The first movement reveals how spellbinding Asahina is at his best. The moving line is beautifully phrased; orchestral tone is lustrous; and there are no intrusive manipulations. This is the art that conceals art, as natural and seemingly effortless as late Bruno Walter in his most glowing performances. Yet Asahina’s artistry is evident in a trait he shared with Furtwängler, his instinct for transitions. This is an instinct that can’t be taught ,and when it exists, as it does everywhere in this Bruckner Ninth, you feel the magic of an uninterrupted flow of inspiration. Possessed of his innate abilities, Asahina transcended cultural isolation, war, primitive orchestral conditions, and the lack of deep contact with the West until later in life.
I hasten to add that this is a strong, propulsive performance in the Scherzo, which is overwhelming, not through fierceness but through the rise and fall of intensity. The Bruckner Ninth cannot succeed fully without a great Adagio, and here Asahina is unerring. Without advance knowledge a listener would be hard pressed to tell that this isn’t Karajan, Tennstedt, Walter, or Giulini. I know a good many Asahina recordings thanks to my FANFARE colleague Henry Fogel, who championed the conductor when he was unknown in this country; Henry was the guiding force that brought Asahina to the Chicago Symphony as a guest conductor. Given the recordings I have heard, this 1991 Bruckner Ninth is one of the best, if not the very best, place to begin to experience Asahina’s art. I think the reader who has grasped its beauty and the background that led up to it will agree that a place in the Classical Hall of Fame is well deserved.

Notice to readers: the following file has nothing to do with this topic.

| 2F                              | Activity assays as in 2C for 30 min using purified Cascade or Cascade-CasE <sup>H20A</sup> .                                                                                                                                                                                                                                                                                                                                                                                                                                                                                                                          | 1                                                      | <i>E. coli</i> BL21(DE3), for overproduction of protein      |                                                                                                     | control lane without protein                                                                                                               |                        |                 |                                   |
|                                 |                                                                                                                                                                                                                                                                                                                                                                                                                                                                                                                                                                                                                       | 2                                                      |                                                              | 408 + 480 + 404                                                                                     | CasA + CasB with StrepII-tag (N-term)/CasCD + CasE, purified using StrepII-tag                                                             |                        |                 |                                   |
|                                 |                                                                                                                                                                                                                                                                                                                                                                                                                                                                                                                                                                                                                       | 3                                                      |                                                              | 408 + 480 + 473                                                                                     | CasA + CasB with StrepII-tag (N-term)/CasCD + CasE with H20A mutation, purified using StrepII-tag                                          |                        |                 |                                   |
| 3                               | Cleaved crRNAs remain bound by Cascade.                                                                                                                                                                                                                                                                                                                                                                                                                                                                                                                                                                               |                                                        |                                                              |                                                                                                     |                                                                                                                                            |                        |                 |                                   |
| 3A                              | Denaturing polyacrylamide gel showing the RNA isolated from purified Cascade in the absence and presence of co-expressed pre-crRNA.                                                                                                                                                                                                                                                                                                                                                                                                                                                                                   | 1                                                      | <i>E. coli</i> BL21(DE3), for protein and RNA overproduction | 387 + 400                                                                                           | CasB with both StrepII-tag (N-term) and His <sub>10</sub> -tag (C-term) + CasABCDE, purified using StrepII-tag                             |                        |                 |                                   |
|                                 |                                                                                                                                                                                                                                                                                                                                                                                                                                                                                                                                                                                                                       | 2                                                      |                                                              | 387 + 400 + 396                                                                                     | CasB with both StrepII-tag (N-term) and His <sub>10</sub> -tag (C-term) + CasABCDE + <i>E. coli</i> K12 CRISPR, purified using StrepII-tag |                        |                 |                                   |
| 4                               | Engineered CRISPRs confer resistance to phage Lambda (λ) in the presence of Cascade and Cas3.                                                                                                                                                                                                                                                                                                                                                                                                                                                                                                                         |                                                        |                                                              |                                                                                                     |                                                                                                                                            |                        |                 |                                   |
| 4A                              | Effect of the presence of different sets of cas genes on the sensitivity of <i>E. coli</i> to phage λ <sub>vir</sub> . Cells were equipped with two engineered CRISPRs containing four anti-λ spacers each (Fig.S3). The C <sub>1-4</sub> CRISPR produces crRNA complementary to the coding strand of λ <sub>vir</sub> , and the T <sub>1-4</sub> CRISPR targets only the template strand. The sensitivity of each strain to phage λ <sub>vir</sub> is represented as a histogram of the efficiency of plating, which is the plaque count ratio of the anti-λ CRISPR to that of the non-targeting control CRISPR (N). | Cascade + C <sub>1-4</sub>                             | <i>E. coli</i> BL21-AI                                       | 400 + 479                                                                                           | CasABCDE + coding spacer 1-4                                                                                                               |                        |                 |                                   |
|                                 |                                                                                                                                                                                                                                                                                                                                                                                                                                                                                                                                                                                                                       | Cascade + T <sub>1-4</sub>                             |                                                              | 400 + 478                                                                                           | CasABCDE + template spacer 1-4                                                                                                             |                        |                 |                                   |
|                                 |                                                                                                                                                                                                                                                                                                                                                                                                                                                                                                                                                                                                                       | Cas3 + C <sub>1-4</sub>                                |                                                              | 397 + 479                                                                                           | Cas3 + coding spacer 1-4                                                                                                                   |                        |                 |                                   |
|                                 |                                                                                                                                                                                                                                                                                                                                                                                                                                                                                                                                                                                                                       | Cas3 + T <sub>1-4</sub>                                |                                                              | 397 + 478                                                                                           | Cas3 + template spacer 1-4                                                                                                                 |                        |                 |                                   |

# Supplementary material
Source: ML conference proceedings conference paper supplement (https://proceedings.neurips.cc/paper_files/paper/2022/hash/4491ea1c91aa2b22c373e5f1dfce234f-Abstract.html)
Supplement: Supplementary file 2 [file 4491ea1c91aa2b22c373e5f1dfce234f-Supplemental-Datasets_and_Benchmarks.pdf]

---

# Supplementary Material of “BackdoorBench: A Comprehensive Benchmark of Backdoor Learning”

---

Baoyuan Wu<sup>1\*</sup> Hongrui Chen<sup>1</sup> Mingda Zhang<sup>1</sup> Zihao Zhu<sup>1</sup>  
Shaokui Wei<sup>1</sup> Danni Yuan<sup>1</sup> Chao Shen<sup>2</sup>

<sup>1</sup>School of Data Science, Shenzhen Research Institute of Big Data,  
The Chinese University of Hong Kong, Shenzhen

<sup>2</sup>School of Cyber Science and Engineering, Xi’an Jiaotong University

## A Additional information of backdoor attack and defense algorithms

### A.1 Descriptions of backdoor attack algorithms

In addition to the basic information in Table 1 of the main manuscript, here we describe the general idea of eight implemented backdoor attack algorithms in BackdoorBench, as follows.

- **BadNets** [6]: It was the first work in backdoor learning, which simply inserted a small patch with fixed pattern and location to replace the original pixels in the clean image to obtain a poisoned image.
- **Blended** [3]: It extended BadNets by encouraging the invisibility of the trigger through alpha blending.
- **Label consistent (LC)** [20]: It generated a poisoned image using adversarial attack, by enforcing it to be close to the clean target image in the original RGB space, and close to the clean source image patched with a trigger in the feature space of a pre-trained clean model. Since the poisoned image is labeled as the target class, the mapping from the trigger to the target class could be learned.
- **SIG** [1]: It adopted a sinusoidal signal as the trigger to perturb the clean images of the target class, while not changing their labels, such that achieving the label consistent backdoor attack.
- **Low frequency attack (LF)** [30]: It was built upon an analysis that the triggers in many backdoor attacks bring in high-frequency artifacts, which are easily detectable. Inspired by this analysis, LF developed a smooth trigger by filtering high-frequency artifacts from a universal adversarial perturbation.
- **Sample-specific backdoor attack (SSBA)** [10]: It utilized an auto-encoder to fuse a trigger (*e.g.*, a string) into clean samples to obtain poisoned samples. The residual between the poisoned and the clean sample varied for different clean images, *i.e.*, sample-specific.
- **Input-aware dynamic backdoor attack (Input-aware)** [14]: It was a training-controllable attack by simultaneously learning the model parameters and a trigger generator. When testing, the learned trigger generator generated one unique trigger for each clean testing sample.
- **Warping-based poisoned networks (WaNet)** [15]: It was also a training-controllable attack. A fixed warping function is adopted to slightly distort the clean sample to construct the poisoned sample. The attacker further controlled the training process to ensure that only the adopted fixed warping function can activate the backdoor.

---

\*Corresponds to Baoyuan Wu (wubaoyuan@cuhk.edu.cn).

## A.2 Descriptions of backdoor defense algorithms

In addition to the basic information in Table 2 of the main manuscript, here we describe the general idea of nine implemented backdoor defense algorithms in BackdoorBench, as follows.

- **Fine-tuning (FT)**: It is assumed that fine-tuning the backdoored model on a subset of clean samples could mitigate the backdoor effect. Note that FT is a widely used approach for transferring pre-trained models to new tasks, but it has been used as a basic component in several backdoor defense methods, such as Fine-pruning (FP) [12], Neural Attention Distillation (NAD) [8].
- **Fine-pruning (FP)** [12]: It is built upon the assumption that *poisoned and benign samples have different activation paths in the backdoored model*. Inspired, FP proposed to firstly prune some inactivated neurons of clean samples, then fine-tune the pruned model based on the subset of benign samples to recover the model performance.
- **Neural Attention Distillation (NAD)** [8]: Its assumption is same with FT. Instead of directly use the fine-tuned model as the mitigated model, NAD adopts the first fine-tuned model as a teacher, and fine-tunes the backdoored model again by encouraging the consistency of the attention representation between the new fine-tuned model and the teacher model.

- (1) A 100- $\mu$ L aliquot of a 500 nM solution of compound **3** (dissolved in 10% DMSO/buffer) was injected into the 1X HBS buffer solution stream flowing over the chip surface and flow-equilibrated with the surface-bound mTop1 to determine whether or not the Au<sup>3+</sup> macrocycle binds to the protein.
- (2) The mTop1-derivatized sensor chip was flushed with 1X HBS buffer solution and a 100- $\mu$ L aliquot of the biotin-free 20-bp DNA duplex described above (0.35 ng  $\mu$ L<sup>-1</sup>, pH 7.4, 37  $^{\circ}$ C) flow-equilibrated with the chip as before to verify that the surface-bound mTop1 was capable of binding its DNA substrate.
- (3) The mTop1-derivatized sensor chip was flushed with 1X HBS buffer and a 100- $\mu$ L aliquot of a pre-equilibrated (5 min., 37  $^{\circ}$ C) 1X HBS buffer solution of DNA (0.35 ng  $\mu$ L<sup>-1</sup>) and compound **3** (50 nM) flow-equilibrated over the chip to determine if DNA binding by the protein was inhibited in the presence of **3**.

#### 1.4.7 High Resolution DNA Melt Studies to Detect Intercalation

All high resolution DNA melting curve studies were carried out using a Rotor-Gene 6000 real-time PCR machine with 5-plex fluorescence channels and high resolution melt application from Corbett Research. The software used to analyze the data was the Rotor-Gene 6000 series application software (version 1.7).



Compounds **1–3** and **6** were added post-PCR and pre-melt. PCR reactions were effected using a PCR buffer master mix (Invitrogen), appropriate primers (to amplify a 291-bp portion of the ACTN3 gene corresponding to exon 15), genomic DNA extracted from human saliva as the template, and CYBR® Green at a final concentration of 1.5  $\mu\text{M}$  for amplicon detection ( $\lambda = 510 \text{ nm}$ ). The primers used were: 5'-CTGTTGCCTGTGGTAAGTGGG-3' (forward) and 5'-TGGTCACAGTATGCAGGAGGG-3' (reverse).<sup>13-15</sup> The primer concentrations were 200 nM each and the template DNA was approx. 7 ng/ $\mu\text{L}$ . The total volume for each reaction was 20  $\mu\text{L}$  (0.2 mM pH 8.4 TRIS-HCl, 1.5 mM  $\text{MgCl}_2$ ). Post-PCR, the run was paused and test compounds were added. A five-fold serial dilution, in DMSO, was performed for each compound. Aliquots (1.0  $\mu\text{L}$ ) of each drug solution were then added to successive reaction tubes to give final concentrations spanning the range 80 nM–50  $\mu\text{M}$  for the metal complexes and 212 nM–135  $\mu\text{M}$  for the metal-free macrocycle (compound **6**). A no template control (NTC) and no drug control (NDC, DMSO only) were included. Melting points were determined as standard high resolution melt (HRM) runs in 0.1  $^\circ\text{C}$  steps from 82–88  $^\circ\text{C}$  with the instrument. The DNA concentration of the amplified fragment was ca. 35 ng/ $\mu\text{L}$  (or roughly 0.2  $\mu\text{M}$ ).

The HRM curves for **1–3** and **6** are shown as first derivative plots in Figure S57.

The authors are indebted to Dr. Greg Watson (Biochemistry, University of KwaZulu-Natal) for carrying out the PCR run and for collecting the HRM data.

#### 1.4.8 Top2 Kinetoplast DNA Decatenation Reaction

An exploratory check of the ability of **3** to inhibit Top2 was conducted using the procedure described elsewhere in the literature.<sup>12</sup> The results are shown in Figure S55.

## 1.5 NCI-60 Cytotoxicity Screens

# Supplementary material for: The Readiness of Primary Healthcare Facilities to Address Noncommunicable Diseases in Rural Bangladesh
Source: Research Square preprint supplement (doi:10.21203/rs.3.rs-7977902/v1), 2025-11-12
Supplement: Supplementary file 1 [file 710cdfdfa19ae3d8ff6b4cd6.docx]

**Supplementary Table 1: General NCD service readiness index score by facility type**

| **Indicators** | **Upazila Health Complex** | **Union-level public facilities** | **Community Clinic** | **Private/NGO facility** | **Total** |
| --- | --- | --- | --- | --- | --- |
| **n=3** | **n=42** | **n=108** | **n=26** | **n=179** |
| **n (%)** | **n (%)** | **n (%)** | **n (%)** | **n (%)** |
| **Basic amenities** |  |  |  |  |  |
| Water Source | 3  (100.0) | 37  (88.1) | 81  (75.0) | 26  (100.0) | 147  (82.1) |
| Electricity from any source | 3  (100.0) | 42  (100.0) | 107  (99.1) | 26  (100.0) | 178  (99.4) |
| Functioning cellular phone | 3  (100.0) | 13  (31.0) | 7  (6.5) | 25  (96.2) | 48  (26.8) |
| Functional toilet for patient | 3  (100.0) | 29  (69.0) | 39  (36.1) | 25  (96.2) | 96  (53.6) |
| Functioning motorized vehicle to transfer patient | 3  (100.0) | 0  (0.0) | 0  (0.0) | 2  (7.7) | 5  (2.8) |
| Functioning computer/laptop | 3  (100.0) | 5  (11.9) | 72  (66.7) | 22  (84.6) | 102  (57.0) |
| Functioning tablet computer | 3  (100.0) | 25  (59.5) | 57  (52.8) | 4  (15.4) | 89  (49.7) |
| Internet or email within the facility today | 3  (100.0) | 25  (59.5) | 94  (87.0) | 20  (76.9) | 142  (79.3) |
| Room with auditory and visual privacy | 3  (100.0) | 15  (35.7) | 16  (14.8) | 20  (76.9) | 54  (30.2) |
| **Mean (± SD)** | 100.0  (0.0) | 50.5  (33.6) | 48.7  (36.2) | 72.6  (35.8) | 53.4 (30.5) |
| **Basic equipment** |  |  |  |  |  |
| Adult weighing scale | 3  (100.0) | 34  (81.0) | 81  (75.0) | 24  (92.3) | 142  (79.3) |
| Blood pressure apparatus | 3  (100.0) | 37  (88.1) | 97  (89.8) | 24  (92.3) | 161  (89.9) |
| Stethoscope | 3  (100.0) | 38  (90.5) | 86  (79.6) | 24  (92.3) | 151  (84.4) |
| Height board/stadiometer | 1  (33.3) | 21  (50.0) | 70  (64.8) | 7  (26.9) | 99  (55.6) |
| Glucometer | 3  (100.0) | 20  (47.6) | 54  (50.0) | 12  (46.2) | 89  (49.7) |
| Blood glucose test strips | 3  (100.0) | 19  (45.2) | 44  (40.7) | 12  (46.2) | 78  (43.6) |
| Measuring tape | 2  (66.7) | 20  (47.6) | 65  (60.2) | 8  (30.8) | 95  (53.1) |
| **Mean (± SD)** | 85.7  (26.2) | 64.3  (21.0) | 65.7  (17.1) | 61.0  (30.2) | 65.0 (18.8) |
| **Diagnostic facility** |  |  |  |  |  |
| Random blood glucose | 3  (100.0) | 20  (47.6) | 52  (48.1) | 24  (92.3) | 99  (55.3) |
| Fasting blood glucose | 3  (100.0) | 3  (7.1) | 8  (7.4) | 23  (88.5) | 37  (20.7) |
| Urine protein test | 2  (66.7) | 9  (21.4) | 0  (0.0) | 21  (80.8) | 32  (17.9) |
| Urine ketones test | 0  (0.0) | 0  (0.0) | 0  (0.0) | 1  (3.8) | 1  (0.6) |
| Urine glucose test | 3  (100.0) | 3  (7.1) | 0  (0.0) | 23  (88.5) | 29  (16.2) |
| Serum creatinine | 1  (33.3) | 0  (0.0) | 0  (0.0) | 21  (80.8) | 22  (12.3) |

The present restoration by producer Yves St. Laurent is excellent.”
- Huntley Dent, FANFARE
“Takashi Asahina was loved by music fans for his strong and dignified style of conducting. He specialized in the works of Beethoven, Brahms and Bruckner. He won the government’s Medal with Purple Ribbon in 1969, Person of Cultural Merit in 1989 and Order of Culture in 1994. He was also honored with the Japan Academy of Arts Award in 1976.
A Tokyo native, Asahina graduated from the Department of Law at Kyoto University and worked at railway company Hankyu Corp. for two years before launching his career as a conductor in 1936, despite having no formal education for the job. He used to boast to friends that he was probably the only conductor in the world who has operated a train. During wartime, Asahina held a series of performance tours in various parts of China controlled by Japanese forces. Immediately after returning to Japan in 1946, Asahina helped found the Kansai Philharmonic Orchestra, which became the Osaka Philharmonic Orchestra in 1947, and served as its executive conductor and music director up to his death at age 93.
Asahina remained active throughout his life and was invited twice to perform with the Chicago Philharmonic Orchestra in 1996. His energetic performances gained popularity especially among younger generations in his final years. He complained of ill health after performing at Nagoya on Oct. 24 and was hospitalized at a Kobe hospital. Subsequent performances were canceled. He died on the very night of the Osaka Philharmonic Orchestra’s annual yearend performance of Beethoven’s 9th Symphony, which he conducted more than 250 times during his career. On Sunday night, conductor Hiroshi Wakasugi took Asahina’s place for the orchestra’s performance.”
- THE JAPAN TIMES, 31 Dec., 2001